'Do smelly emissions from baked beans contribute to global warming?' Viscount Simon asks Energy Minister

Peers laughed after the 73-year-old posed the question

Kashmira Gander
Wednesday 09 April 2014 17:02 BST
Baked beans are seen in a fried breakfast, along with rashers of bacon, a sausage, and an egg
Baked beans are seen in a fried breakfast, along with rashers of bacon, a sausage, and an egg

A member of the House of Lords raised eyebrows in the chamber on Wednesday, when he said there could be a link between global warming and the large amount of baked beans consumed in the UK, causing people to produce so-called “smelly emissions”.

73-year-old Labour peer Viscount Simon raised his concerns about the gasses bean-eaters are contributing to the Earth’s atmosphere as Energy Minister Baroness Verma answered questions in the Upper House on how the Government was tackling climate change.

“In a programme some months ago on the BBC it was stated that this country has the largest production of baked beans and the largest consumption of baked beans in the world,” said the peer who has been a member of the House of Lords for more than 20 years.

To laughter from peers, he asked Lady Verma: "Could you say whether this affects the calculation of global warming by the Government as a result of the smelly emission resulting therefrom?"

Lady Verma described his question as "so different" but added: "You do actually raise a very important point, which is we do need to moderate our behaviour."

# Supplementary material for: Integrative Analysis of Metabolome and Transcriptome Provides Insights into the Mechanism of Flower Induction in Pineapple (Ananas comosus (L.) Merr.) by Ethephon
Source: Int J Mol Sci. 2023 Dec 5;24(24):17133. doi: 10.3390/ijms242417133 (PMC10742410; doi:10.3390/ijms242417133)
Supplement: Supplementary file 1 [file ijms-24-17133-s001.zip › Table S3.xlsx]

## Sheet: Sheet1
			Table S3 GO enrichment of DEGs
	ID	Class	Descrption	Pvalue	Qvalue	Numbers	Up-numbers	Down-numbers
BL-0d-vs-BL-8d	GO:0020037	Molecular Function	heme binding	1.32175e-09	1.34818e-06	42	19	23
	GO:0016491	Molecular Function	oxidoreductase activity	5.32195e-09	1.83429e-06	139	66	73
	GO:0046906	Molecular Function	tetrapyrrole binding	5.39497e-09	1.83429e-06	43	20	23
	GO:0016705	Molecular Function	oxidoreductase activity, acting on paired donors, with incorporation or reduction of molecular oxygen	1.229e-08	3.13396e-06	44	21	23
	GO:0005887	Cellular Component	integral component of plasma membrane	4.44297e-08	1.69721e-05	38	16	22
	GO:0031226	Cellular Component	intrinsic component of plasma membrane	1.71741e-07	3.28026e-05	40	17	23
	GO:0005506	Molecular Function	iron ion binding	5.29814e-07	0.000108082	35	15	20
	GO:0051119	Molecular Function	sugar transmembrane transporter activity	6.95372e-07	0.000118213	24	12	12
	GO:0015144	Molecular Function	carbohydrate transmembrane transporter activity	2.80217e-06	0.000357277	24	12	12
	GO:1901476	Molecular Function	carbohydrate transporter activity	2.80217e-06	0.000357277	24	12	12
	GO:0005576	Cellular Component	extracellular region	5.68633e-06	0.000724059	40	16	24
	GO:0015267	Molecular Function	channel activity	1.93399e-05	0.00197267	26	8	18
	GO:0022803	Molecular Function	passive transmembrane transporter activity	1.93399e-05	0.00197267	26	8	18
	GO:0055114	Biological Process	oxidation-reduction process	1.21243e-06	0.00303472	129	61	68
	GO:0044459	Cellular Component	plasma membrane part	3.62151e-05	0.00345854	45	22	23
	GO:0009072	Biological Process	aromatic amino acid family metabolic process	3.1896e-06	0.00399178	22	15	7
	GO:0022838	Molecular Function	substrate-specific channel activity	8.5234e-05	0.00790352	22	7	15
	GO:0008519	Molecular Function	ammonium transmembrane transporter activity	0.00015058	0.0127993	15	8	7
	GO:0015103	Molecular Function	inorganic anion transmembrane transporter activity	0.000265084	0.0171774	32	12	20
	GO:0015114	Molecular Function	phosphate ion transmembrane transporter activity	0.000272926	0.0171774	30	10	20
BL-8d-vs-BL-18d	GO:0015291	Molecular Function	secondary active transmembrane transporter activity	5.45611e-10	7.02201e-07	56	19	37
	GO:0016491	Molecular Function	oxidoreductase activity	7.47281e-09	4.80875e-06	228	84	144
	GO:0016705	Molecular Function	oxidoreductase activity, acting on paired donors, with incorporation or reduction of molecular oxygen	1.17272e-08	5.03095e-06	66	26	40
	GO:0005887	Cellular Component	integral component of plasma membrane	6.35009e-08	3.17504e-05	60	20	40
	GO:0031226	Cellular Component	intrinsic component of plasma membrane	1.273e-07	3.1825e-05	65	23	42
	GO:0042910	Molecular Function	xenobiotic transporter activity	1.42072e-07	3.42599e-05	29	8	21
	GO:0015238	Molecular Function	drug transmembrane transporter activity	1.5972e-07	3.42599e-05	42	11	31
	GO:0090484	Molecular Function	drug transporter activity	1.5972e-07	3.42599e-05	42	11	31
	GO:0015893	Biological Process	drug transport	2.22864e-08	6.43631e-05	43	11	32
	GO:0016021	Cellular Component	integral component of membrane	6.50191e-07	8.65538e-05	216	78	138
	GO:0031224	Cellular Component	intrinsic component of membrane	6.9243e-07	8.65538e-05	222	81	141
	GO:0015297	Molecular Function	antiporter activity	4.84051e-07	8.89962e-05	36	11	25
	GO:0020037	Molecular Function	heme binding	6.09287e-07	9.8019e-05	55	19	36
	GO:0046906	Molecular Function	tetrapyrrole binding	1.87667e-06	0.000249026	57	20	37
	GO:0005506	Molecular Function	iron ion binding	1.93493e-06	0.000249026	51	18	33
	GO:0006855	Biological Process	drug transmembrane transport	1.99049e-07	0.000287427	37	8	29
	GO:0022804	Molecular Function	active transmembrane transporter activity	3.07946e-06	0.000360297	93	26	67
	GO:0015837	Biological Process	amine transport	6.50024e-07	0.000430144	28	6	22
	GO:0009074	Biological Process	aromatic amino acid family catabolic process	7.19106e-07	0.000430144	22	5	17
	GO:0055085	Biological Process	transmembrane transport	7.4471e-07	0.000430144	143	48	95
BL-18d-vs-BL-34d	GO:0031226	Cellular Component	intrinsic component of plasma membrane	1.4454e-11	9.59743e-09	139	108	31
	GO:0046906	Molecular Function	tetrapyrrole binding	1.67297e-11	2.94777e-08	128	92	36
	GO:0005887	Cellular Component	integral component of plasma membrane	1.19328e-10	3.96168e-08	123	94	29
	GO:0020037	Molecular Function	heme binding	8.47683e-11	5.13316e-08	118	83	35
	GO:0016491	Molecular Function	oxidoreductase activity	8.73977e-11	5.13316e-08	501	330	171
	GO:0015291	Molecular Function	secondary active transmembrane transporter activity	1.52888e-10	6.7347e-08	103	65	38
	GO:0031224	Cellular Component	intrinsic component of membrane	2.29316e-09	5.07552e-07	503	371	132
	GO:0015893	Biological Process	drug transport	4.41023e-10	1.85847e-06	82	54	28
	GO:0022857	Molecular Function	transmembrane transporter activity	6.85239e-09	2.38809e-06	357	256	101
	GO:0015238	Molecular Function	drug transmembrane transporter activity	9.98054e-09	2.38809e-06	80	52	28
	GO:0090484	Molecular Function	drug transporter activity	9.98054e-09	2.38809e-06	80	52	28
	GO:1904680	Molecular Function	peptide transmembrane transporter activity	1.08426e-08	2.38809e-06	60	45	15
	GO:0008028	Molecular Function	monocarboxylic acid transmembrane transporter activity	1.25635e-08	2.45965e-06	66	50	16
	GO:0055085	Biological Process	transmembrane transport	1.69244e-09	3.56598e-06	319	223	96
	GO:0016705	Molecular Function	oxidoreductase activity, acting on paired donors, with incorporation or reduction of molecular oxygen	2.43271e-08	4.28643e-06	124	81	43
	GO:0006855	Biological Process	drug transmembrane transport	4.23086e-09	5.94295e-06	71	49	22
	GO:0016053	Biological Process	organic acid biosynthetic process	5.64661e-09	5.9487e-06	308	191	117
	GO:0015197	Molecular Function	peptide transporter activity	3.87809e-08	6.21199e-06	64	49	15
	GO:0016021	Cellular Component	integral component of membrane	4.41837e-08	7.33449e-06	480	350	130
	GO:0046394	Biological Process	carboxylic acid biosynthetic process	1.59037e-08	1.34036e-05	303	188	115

A study last December suggested the total value of baked beans sold in the previous year had fallen by £20.8 million to £339.3 million in the UK.

Lord Simon's grandfather Sir John Simon, a Liberal, was given a peerage in 1940 after serving as Home Secretary, Foreign Secretary and Chancellor.

His question comes the same week that a study was published suggesting that eating beans offers a range of health benefits, including lowering cholesterol and cutting the risk of heart disease, according to researchers.

Perhaps worryingly for Viscount Simon, scientists behind the study said that despite the popularity of baked beans in the West, the consumption of pulses overall is too low for consumer to experience any of the positive effects.

"We have a lot of room in our diets for increasing our pulse intake to derive the cardiovascular benefits," said Dr John Sievenpiper, a member of the Canadian and US team from St Michael's Hospital, Toronto.

Additional reporting by PA

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